According to the RTA, around 35 fatalities and 1500 injuries could be prevented if ISA technology was installed in every vehicle in NSW. The trial also showed that, as a direct result of the in-car system's alerts, 89 percent of participants cut their time spent speeding.
NSW Roads Minister David Borger confirmed this week the state will continue testing the technology before the possibility of mandatory installation would be addressed. Mr Borger acknowledged that around one quarter of participants did not like the beeping alerts made by the dash-mounted device.
"This is not something we want to impose to make people's lives more difficult," he said.
In the meantime, versions of the software will be made available to the public next year for certain mobile phones, after the RTA has completed mapping the state's speed limits.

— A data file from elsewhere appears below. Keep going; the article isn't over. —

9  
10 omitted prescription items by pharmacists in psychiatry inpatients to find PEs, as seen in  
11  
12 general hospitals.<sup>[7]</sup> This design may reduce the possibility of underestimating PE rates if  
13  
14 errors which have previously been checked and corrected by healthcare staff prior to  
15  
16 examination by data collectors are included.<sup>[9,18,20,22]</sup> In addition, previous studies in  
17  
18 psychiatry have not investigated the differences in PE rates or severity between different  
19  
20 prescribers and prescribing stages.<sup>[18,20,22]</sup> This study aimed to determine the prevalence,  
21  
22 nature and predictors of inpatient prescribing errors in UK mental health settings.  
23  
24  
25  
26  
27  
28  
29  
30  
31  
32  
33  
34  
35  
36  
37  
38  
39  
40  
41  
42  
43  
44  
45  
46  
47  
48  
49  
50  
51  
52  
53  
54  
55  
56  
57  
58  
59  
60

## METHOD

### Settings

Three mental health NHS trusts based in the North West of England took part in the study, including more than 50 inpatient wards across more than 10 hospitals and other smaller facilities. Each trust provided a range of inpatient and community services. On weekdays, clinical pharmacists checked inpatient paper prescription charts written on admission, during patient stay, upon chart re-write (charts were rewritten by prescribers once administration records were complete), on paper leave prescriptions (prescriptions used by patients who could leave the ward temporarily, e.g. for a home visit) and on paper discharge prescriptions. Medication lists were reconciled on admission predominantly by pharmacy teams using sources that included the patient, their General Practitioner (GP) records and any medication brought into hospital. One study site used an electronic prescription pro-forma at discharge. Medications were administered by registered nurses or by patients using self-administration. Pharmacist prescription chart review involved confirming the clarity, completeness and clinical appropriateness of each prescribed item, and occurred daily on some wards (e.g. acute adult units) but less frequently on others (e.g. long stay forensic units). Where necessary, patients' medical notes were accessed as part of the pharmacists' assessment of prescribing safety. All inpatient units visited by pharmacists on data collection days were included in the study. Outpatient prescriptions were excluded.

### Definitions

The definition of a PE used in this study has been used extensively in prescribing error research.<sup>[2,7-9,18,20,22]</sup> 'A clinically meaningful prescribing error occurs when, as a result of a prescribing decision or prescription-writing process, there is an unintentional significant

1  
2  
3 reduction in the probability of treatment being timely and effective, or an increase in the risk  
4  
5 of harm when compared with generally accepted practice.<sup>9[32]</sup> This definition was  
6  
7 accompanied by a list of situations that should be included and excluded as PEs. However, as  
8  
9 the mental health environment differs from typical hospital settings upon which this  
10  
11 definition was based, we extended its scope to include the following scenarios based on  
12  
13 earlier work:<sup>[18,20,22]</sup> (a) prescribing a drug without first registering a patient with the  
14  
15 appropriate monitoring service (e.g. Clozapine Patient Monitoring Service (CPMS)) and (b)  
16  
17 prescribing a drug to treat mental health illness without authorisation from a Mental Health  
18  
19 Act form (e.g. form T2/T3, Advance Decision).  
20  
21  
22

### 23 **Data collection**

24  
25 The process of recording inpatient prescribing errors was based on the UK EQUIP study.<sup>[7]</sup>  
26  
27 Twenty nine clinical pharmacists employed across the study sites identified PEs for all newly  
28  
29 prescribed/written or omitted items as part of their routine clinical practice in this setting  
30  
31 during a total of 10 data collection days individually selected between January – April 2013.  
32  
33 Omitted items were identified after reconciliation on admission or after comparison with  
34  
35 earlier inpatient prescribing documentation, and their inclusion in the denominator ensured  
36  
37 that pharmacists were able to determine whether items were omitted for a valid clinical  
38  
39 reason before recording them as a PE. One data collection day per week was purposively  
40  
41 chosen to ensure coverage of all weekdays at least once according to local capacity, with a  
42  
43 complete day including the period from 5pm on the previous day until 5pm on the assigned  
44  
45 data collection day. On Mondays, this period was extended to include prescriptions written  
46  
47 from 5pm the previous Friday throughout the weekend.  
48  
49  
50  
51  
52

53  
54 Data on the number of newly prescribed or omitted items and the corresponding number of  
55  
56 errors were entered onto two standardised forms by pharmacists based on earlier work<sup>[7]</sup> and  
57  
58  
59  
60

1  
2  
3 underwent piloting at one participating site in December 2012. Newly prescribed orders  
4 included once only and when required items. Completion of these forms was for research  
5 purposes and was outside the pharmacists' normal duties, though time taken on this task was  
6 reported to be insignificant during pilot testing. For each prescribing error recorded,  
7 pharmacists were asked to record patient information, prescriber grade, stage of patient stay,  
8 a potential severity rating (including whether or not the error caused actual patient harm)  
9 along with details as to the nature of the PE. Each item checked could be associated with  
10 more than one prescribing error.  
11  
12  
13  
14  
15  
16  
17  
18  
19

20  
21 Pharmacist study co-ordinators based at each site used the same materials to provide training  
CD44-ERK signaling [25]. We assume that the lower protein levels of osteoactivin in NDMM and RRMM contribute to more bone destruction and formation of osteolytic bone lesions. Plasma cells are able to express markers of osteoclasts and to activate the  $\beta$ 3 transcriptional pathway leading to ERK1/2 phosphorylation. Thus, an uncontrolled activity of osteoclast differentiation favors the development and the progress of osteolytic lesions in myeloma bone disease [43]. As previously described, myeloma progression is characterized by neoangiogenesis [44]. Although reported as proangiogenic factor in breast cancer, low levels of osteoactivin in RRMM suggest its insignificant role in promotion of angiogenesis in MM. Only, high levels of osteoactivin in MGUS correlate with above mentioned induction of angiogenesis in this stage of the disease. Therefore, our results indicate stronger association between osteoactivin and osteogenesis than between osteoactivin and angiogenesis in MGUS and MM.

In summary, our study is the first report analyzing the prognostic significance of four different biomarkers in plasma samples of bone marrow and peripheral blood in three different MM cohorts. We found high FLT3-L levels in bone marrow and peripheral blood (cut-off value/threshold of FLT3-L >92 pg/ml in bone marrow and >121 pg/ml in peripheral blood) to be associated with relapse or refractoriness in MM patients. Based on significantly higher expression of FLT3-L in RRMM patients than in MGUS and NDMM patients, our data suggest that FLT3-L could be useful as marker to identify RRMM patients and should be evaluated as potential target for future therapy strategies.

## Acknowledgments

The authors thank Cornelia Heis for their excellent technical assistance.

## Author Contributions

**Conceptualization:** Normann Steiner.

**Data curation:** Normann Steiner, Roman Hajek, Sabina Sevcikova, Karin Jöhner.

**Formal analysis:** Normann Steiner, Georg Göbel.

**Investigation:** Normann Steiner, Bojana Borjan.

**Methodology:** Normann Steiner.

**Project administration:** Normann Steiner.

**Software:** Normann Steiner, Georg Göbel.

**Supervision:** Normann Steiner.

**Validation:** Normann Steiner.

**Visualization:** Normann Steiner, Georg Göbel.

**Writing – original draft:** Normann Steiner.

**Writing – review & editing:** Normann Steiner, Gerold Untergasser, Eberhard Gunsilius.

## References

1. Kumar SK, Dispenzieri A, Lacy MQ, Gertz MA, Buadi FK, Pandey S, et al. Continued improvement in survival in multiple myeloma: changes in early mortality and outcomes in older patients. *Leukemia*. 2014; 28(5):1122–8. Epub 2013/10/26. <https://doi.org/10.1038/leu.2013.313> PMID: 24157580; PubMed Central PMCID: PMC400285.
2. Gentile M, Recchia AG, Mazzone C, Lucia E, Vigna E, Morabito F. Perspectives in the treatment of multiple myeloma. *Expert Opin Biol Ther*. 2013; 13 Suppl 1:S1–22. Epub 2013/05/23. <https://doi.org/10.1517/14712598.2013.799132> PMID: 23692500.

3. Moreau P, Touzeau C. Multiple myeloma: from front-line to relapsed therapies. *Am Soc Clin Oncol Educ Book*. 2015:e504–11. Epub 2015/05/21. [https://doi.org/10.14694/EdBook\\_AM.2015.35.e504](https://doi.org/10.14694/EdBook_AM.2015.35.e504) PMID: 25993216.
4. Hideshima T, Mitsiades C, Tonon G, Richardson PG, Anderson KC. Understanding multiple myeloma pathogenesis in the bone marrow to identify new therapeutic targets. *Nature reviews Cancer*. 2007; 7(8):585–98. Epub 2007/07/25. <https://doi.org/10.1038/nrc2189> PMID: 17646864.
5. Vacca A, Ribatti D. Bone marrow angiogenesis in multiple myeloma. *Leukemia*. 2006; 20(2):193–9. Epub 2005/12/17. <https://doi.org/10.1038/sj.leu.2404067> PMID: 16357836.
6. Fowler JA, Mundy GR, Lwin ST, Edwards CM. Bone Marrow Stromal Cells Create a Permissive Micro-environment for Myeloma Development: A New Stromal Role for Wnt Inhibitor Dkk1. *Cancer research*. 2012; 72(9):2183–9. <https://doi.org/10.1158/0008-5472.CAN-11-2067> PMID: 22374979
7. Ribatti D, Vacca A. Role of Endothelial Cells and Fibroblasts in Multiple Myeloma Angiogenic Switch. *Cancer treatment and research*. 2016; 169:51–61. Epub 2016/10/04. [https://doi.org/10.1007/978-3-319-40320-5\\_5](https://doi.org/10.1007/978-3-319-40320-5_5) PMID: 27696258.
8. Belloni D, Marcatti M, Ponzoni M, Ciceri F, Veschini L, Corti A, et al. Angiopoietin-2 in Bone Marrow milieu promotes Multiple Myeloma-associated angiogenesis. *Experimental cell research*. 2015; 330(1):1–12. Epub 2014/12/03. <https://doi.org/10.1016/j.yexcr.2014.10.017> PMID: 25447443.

In cars installed with the system, visual and audio cues alert drivers that they are speeding. An accompanying data logger will record changes in driving behaviour, including whether they slowed down after an alert is given.
The technology works by using GPS satellites and systems to track the speed of enabled vehicles as they travel from one point to the next.
Mr Borger said that road safety modelling made during the trial showed that if every vehicle in Illawarra had the ISA technology installed, road fatalities and injuries in the region would drop by 8.4 and 5.9 percent respectively.
A similar trial is underway in Victoria, with VicRoads and the state's Transport Accident Commission set to release publicly-available versions of the software in the future.
What's your say? Should this technology be compulsory?
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